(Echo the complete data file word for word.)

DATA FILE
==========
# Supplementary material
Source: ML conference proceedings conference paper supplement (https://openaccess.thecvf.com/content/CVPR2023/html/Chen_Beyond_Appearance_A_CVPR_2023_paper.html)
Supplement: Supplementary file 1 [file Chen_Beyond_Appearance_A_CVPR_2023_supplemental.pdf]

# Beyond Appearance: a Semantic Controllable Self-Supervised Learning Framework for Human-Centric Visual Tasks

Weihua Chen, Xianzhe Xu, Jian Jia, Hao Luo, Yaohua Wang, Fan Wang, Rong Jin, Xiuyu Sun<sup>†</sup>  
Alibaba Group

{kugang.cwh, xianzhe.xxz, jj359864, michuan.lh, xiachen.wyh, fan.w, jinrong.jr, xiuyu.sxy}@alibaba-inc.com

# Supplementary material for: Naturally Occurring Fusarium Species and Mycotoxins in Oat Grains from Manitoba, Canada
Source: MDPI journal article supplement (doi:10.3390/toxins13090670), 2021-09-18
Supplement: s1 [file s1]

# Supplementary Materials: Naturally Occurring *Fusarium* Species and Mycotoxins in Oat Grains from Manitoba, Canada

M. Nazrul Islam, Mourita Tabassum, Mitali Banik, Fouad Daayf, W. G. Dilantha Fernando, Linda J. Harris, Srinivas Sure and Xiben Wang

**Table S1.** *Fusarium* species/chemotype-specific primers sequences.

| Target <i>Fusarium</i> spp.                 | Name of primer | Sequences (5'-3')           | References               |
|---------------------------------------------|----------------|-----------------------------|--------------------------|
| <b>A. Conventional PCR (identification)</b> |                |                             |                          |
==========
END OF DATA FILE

# Supplementary material
Source: ML conference proceedings conference paper supplement (https://openaccess.thecvf.com/content/CVPR2023/html/Chen_Beyond_Appearance_A_CVPR_2023_paper.html)
Supplement: Supplementary file 1 [file Chen_Beyond_Appearance_A_CVPR_2023_supplemental.pdf]

# Beyond Appearance: a Semantic Controllable Self-Supervised Learning Framework for Human-Centric Visual Tasks

Weihua Chen, Xianzhe Xu, Jian Jia, Hao Luo, Yaohua Wang, Fan Wang, Rong Jin, Xiuyu Sun<sup>†</sup>  
Alibaba Group

{kugang.cwh, xianzhe.xxz, jj359864, michuan.lh, xiachen.wyh, fan.w, jinrong.jr, xiuyu.sxy}@alibaba-inc.com

# Supplementary material for: Naturally Occurring Fusarium Species and Mycotoxins in Oat Grains from Manitoba, Canada
Source: MDPI journal article supplement (doi:10.3390/toxins13090670), 2021-09-18
Supplement: s1 [file s1]

# Supplementary Materials: Naturally Occurring *Fusarium* Species and Mycotoxins in Oat Grains from Manitoba, Canada

M. Nazrul Islam, Mourita Tabassum, Mitali Banik, Fouad Daayf, W. G. Dilantha Fernando, Linda J. Harris, Srinivas Sure and Xiben Wang

**Table S1.** *Fusarium* species/chemotype-specific primers sequences.

| Target <i>Fusarium</i> spp.                 | Name of primer | Sequences (5'-3')           | References               |
|---------------------------------------------|----------------|-----------------------------|--------------------------|
| <b>A. Conventional PCR (identification)</b> |                |                             |                          |